'The society aims to get people together and talking...'Sam Allen with permission for Varsity

Cambridge is overrun with societies. The 2024 prospectus claims the University hosts over 700 of them, and I’m sure I’m not the only one who can recall the excitement of Freshers’ Fair giving way to the realisation that there I would never have enough time to take up caving or join a jazz orchestra. Cambridge World Cinema Society (CWCS) is, however, a group to keep an eye on. Founded only a few years ago, it has picked up devotees rapidly, and is fast becoming one of the most popular film societies among the student body.

Its formula is simple: each week, on a Wednesday or Thursday evening, the society screens a film on a big screen (usually in Fitzwilliam College, though Christ’s often plays host too), charging a minimal price to show unusual movies, sometimes with an introduction from the society or, on occasion, from an academic. The one rule? The main language of the chosen film must be something other than English. The result is a consistently varied and insightful selection of international cinema.

“Fast becoming one of the most popular film societies among the student body”

Meeting committee members Fergus Selsdon-Games and Aristide Chryssoulis, I’m struck by just how passionate they are about the role of the society in Cambridge. “It’s all about the audience,” Fergus tells me – the society aims to “get people together and talking,” and certainly takes into account an “educational element” to their work. Fergus identifies an interesting paradox: “the contemporary scene is totally depreciated for young filmmakers in the UK,” but at the same time, “totally new tools have become available for watching other films. Much of the stuff in cinemas today is either prestige dramas or blockbuster movies, and so there’s a gap that needs to be filled.” CWCS, therefore, is using the opportunities afforded by new streaming services and digital restoration techniques to expose young people to a series of exhilaratingly different films.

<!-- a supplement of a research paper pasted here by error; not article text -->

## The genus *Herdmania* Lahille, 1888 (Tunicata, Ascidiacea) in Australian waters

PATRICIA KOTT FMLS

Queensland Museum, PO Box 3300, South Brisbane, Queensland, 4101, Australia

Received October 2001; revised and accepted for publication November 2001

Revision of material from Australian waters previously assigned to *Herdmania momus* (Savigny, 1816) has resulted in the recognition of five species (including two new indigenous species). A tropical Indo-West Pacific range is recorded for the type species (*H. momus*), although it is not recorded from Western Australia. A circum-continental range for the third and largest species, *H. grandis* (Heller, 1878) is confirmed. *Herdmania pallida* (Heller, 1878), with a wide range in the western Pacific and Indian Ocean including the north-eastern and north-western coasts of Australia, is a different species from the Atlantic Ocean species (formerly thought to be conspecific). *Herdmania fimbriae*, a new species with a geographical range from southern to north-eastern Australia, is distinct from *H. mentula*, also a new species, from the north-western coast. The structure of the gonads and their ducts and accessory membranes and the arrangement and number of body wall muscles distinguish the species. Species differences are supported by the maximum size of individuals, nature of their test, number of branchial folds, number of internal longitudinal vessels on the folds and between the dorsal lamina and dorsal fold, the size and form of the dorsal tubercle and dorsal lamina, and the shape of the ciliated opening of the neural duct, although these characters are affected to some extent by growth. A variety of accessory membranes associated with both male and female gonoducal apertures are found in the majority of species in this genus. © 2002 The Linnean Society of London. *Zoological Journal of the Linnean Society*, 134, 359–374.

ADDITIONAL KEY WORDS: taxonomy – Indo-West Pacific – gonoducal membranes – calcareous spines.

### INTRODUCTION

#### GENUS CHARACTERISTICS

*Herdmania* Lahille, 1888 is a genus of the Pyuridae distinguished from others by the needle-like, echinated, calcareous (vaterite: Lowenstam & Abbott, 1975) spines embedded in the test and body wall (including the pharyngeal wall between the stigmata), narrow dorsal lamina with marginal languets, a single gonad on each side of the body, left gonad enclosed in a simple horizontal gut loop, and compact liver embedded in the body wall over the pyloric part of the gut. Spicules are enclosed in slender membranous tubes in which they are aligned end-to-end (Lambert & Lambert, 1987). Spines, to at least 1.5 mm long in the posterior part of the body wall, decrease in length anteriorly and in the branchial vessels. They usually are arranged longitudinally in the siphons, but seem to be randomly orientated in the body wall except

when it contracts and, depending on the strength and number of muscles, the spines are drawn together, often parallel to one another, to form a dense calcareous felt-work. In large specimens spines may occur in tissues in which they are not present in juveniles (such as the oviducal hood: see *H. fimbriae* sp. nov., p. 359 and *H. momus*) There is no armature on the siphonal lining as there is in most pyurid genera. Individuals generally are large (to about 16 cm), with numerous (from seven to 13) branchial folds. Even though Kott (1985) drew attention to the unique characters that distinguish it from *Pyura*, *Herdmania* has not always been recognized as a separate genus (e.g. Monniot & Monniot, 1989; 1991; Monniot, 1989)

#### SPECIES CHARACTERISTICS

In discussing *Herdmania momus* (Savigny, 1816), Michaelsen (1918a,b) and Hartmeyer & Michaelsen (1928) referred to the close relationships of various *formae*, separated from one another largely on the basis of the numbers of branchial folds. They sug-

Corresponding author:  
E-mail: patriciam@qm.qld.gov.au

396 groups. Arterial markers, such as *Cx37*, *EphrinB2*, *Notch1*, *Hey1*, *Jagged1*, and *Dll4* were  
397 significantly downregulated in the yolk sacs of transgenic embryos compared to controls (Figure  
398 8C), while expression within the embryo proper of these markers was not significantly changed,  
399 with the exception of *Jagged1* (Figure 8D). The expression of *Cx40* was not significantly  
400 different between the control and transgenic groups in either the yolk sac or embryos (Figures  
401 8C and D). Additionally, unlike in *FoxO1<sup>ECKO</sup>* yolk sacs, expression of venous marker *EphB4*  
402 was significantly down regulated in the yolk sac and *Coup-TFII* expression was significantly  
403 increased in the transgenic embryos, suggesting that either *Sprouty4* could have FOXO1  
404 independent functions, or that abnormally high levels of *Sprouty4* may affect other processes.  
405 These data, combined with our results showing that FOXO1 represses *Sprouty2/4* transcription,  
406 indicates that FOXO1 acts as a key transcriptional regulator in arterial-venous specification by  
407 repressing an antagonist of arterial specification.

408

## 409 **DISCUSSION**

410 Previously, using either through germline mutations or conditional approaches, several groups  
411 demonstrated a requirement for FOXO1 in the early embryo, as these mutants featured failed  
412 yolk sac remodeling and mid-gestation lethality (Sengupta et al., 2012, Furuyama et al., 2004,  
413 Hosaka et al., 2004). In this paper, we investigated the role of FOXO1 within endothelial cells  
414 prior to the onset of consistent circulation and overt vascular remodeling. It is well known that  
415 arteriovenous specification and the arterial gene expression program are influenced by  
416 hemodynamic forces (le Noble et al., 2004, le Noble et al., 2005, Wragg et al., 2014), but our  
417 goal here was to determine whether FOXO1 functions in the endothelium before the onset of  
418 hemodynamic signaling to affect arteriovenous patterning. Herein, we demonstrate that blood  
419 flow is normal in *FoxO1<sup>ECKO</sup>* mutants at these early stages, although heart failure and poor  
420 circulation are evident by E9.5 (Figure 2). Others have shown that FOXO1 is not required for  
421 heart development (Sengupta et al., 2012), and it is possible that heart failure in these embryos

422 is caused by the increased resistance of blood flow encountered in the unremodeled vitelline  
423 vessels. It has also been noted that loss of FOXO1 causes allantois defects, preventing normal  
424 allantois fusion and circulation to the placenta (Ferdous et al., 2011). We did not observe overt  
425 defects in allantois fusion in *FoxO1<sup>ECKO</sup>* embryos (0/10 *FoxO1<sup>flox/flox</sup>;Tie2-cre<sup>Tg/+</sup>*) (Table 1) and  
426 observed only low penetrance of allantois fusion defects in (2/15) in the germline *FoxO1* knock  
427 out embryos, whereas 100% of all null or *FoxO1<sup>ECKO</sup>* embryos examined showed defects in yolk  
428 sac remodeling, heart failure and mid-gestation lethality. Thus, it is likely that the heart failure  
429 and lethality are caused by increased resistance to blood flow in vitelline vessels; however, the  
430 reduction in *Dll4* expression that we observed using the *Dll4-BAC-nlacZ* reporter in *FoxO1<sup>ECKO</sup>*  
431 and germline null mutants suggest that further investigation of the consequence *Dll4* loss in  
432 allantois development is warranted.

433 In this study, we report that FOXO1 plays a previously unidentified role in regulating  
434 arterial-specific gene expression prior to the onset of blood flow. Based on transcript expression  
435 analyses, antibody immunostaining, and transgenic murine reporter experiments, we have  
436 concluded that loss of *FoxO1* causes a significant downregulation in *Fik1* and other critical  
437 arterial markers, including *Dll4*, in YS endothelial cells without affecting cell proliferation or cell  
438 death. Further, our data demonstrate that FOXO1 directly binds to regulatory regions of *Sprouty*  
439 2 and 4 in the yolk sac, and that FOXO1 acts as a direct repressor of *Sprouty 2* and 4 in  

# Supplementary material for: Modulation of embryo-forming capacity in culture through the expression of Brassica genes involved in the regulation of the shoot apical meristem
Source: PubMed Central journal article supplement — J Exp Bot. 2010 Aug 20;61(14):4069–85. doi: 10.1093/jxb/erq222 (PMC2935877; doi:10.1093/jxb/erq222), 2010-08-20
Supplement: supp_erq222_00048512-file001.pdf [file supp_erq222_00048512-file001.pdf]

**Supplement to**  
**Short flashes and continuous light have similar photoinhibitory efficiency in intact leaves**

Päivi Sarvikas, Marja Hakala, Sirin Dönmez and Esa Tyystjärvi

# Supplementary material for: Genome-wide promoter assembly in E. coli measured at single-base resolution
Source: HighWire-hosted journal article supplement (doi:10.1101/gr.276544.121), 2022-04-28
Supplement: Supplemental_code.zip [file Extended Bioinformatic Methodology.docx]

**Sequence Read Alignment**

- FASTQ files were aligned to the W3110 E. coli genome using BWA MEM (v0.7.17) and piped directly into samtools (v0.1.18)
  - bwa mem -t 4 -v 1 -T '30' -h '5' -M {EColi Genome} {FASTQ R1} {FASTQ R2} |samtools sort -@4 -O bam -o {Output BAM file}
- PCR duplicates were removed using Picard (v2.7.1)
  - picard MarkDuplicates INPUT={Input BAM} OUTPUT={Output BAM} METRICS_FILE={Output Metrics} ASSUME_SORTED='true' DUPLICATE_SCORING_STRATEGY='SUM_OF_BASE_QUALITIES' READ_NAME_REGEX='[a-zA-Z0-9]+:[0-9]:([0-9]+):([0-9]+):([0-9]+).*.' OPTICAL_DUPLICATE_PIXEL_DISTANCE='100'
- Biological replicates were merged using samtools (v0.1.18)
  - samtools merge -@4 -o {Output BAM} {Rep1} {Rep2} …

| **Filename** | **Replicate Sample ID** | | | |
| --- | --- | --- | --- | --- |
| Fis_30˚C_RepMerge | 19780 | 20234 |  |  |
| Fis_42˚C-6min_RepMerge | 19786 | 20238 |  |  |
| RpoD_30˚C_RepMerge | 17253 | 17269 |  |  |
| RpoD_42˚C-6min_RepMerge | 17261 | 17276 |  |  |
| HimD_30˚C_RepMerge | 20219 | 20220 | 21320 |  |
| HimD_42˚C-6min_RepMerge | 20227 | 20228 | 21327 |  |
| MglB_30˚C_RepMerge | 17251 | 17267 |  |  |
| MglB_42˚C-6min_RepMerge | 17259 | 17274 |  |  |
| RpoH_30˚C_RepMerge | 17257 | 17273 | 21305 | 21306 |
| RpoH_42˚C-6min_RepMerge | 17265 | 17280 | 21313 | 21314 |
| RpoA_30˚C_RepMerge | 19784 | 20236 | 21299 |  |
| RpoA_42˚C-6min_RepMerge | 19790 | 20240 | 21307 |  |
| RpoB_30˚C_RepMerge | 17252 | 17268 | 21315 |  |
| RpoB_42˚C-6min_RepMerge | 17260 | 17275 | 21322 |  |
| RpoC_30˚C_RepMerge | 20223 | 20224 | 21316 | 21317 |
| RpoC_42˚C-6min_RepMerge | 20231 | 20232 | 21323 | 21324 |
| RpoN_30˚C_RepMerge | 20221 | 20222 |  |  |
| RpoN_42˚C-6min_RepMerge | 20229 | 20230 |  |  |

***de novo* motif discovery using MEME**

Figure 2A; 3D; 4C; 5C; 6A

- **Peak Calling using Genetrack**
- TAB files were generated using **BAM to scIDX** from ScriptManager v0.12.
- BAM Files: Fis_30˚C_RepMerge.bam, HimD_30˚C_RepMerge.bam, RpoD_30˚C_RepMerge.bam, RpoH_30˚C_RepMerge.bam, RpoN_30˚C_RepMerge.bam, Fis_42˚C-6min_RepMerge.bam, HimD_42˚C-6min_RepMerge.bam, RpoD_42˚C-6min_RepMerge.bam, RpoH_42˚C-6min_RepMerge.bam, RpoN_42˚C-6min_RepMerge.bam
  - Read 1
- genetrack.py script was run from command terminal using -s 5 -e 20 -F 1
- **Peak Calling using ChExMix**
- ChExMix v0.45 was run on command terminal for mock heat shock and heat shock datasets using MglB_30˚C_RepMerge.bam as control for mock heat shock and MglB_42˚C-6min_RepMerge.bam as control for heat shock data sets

Two CWCS committee membersSam Allen with permission for Varsity

I myself have enjoyed a number of trips to CWCS screenings, but nothing compares to my first visit, where I watched Funeral Parade of Roses, a stunning and surreal Japanese retelling of the myth of Oedipus. I remember a certain sense of wonder, of realising possibilities in cinema I had never been aware of before. As such, I’m eager to ask for more recommendations – Fergus highlights the directors Tsai Ming-liang (a dream guest for the society) and Radu Jude. A fellow Greek, I’m glad to hear Aristide celebrate the works of Yorgos Lanthimos and Theodoros Angelopoulos, though so far the society has held off from screening the latter’s films, concerned about how audiences will react to their long running times and slow pace. “There’s always a bit of give and take,” says Fergus. “We’ve tried to puncture the toxic film bro stereotype. If a film is boring we’re prepared to admit it!”


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The society’s committee works by consensus to select films, always aiming for a variety of genres and nations, and rarely selecting particularly well-known works. Rather than release a termcard, they choose to announce each film on a weekly basis, taking real care over their choices; as Fergus puts it, “we don’t want to feel hemmed in.” This can be a double-edged sword, of course – Aristide quips that he spends “way too much time” on it, while Fergus tells me that he takes it “very personally”, paying close attention to the audience’s response. “If they cry, you’re winning,” he jokes.

“CWCS attempts to act as an antidote to such narrow-mindedness”

The society’s holy grail is “a permanent home”, an aspiration not helped by colleges becoming less amenable to hosting screenings as the group has grown. Fergus laughs about “the market forces that crush cultural expression time and again,” but there is a serious point to be raised: why won’t colleges support a society that encapsulates Cambridge at its best – open, international, curious and culturally engaged? The Anglophone world often suffers from a frustrating parochialism when it comes to international media. In a nation that has cast itself off from Europe, with one of the lowest rates of multilingualism across the continent, Byron’s “tight little island” lives up to its name, insulating itself from other cultures. CWCS attempts to act as an antidote to such narrow-mindedness. Both in exposing its general audience to other cultures and allowing international students an opportunity to celebrate their own identities, it is fomenting greater interest in world cinema in Cambridge and, most important of all, bringing people together. Aristide wants to end by thanking the society’s audiences: “It would be nothing if people didn’t show up. We’re very grateful”.

For more information, follow @camworldcinema on Instagram.